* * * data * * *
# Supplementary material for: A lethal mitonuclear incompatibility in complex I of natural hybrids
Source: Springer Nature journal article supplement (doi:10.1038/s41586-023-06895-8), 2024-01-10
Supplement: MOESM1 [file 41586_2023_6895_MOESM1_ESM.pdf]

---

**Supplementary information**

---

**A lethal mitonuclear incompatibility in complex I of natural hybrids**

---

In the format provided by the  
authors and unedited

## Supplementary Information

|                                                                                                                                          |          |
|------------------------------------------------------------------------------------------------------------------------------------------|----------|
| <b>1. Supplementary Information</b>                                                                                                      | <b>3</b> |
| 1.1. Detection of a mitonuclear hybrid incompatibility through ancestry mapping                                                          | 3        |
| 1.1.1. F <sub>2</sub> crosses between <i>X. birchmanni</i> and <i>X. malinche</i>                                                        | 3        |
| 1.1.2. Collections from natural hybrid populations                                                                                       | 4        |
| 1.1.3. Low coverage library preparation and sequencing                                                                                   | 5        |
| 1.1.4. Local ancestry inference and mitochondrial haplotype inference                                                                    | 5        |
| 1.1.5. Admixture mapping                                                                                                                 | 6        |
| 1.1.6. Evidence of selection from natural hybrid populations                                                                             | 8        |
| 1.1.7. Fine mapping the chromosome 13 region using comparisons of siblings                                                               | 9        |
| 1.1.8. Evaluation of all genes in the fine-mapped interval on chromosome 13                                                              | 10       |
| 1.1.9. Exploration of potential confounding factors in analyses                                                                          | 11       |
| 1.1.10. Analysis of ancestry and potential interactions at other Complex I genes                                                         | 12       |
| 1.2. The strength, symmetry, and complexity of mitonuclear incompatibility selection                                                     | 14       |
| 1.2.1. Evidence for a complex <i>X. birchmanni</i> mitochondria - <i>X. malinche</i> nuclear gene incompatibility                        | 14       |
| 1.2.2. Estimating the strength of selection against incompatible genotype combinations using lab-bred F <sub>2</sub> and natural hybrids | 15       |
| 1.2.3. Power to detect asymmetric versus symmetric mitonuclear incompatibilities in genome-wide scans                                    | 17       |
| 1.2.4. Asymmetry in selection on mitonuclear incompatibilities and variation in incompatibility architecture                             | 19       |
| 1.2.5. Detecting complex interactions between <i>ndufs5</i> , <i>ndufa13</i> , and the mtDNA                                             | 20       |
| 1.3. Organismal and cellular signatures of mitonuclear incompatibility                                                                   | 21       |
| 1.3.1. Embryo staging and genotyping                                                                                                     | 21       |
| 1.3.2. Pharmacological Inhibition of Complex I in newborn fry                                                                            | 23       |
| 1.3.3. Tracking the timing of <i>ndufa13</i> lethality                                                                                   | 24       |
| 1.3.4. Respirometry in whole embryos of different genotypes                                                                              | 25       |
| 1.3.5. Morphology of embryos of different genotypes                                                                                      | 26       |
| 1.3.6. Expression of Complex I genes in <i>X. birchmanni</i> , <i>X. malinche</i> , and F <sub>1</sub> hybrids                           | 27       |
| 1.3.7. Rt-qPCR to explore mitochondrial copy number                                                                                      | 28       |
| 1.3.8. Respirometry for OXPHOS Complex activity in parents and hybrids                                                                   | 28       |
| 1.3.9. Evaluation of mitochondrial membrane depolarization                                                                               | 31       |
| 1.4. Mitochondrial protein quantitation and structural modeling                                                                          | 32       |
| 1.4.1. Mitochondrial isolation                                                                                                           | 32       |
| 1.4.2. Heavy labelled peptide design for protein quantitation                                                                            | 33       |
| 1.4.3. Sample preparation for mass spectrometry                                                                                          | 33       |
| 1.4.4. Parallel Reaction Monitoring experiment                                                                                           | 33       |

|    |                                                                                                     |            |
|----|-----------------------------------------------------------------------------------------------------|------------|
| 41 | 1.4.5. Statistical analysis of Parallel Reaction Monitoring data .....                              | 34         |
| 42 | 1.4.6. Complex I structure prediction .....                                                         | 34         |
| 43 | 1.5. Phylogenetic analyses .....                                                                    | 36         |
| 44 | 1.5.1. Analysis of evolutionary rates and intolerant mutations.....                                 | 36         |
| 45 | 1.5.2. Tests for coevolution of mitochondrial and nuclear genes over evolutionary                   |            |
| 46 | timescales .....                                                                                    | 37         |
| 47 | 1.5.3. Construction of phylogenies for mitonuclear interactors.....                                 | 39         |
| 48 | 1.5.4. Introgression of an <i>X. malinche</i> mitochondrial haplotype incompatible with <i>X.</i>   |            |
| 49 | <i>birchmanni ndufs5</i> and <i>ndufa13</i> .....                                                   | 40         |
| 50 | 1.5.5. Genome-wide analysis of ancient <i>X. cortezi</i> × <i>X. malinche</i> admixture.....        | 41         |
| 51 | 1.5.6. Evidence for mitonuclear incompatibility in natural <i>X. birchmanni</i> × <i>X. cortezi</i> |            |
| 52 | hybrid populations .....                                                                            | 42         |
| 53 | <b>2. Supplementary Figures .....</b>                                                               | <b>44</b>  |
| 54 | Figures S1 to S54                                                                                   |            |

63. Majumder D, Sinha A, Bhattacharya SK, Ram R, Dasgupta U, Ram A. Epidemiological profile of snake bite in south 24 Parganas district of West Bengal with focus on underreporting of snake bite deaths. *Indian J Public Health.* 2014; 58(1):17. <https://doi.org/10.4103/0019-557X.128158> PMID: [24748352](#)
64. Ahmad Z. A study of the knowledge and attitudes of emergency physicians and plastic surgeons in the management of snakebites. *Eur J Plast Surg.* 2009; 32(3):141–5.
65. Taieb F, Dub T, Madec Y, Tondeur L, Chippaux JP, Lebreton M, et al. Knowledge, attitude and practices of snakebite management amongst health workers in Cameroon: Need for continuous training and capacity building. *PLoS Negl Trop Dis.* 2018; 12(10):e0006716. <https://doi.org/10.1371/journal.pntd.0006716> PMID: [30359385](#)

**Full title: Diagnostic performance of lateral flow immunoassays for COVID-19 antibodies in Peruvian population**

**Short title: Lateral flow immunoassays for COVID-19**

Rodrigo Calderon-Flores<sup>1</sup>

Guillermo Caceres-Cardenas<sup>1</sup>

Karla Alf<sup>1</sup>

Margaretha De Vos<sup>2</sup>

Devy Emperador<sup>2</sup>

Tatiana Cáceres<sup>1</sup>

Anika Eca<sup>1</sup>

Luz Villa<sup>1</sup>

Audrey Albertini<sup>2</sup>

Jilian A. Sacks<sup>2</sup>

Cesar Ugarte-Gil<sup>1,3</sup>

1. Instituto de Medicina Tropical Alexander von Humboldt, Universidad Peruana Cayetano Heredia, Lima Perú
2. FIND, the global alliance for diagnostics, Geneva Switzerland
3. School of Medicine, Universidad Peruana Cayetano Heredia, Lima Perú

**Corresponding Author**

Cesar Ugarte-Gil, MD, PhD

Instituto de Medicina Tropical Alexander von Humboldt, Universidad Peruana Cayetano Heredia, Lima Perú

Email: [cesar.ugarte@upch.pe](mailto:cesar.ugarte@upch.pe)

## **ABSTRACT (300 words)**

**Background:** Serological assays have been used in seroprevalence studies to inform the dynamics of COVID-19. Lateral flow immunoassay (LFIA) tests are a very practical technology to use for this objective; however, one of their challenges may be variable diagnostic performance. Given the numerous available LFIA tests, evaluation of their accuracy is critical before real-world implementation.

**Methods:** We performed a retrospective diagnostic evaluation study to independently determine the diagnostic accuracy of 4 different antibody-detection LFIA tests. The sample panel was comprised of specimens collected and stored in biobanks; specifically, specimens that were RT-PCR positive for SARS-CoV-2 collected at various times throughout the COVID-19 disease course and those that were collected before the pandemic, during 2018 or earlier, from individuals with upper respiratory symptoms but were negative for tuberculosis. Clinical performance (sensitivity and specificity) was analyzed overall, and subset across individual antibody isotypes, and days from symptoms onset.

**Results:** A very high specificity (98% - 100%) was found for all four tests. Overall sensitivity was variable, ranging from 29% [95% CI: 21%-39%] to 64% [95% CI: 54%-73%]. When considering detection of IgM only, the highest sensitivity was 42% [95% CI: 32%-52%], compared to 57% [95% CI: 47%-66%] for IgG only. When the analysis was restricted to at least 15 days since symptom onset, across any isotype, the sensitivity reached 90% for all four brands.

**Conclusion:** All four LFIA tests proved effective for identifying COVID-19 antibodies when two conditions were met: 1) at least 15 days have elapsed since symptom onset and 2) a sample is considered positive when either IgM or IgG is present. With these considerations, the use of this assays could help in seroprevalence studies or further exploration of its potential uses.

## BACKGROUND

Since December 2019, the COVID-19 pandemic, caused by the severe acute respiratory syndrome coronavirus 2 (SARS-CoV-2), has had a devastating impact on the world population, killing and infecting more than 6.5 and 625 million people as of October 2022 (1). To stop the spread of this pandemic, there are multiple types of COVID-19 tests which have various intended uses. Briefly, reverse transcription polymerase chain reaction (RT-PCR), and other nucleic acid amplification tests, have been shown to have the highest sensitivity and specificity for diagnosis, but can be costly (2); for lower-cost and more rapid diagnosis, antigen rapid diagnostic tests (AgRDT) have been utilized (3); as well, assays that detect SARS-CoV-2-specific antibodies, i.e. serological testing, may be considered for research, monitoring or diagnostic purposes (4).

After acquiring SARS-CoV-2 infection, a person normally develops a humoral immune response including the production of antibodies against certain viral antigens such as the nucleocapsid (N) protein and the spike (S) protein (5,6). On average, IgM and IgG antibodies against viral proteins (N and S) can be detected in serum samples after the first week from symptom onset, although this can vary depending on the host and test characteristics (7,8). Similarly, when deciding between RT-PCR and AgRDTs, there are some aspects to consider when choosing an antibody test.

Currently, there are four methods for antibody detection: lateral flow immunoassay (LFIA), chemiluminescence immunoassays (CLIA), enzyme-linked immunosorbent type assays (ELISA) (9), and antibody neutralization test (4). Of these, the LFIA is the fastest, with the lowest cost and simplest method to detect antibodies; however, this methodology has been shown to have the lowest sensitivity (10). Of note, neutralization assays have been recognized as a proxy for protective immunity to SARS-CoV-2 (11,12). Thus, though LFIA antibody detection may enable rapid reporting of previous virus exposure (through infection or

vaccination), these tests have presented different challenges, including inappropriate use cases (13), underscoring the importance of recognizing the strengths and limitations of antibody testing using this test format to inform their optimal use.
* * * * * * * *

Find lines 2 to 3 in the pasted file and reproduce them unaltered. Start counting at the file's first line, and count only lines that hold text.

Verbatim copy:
Source: Springer Nature journal article supplement (doi:10.1038/s41586-023-06895-8), 2024-01-10
Supplement: MOESM1 [file 41586_2023_6895_MOESM1_ESM.pdf]